Hedgehog pelts following evisceration by a badger
Between the two national surveys published in 1988 and 1997 a 77% increase in numbers was identified. This would give a population of 450,000 adult animals in 1997 from the earlier figure of 250,000 in 1988 and assuming a similar rise in the last decade it seems reasonable therefore to estimate current numbers to be not less than 800,000. A recent survey published in 2014 has confirmed the inexorable rise in the population, particularly in England.
The badger, a large mammal with no natural predators other than man, is a classic example of a population out of control through lack of management. It is not an endangered species and does not merit its protected status. This should be removed and similar legislation, as for deer, including a close season, put in place whereby local landowners and farmers are allowed to control their badger populations. Such measures would reduce damage to the countryside, reduce predation on vulnerable wildlife and relieve the badger population itself from the adverse effects of overpopulation such as loss of territory, fighting, wounding, road accidents, lack of food and starvation (see refs 2002, 2010 and 2012 below).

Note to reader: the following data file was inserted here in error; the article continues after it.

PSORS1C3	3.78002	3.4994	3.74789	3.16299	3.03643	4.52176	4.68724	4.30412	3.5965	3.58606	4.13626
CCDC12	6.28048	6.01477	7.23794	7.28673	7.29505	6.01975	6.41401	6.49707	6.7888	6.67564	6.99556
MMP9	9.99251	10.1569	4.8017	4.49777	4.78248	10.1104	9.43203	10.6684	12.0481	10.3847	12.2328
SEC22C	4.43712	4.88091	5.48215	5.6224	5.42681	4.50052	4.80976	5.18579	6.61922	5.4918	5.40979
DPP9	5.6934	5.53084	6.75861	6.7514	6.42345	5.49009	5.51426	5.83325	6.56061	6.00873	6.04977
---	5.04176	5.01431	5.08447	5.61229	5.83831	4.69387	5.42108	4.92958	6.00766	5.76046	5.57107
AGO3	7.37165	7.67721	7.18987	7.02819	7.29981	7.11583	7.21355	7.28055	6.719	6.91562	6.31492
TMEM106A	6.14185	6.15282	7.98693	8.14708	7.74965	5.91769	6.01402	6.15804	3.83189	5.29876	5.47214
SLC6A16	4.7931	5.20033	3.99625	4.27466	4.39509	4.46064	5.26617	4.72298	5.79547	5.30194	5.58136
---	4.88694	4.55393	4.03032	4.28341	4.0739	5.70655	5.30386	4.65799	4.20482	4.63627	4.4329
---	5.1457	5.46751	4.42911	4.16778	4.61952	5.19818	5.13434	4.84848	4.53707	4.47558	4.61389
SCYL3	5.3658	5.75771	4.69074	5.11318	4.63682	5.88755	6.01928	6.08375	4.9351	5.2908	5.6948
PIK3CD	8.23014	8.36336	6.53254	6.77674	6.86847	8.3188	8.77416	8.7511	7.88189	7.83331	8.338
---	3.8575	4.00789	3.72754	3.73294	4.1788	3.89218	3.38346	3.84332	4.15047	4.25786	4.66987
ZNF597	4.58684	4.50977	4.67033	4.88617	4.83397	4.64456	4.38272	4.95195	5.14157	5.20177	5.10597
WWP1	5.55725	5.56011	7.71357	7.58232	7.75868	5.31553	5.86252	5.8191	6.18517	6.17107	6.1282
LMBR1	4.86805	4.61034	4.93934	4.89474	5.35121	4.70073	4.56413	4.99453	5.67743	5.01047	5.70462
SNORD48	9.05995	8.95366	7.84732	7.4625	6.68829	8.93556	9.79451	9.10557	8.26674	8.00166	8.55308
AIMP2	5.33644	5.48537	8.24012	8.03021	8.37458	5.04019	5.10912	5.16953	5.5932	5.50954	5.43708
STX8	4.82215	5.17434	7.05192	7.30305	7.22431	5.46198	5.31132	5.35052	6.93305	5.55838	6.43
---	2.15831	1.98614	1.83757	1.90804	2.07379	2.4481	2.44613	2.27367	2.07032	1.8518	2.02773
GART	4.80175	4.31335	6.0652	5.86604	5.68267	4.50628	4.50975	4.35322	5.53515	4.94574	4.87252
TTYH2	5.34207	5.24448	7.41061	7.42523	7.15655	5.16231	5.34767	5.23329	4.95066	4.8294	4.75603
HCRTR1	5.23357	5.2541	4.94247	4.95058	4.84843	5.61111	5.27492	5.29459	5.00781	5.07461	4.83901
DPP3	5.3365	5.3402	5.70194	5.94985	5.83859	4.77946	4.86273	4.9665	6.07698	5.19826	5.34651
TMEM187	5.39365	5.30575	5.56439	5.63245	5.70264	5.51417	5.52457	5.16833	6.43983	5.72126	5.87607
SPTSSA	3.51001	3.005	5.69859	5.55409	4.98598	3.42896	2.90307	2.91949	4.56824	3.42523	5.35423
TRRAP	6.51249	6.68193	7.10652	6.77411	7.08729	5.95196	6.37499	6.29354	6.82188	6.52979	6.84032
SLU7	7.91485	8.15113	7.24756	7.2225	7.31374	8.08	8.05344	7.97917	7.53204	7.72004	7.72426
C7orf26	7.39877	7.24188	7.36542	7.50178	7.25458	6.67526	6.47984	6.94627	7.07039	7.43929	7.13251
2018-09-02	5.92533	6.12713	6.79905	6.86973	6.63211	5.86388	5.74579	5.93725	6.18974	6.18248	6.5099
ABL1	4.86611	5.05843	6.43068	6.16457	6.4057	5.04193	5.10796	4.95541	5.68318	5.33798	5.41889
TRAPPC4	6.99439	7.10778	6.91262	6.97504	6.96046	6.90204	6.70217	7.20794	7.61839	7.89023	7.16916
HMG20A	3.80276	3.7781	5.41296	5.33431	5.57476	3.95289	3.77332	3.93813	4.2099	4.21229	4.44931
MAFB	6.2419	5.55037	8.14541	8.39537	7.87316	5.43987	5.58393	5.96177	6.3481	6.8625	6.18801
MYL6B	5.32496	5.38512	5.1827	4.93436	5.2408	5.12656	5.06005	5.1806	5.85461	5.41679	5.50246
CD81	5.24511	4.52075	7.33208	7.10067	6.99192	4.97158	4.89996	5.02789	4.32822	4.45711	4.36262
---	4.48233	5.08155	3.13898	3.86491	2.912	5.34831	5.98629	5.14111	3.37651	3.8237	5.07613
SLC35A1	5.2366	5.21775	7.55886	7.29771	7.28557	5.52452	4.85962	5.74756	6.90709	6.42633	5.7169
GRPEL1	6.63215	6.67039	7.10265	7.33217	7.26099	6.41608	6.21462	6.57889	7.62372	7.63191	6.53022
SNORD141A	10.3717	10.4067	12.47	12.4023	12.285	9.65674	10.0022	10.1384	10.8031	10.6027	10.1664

Non-lethal (artificial) methods of population control, which are attractive to research groups and single issue organisations, are impractical, unnecessary, unproven and ethically questionable.
A return to earlier population levels prior to the Badger Acts of 1973 and 1992 is urgently needed.
Apart from benefiting the badger population per se from the adverse effects of overpopulation, and the countryside in general, a substantial reduction in the national badger population would in itself radically mitigate the risk of transmission of bovine TB from badgers to cattle and the zoonotic risk to humans.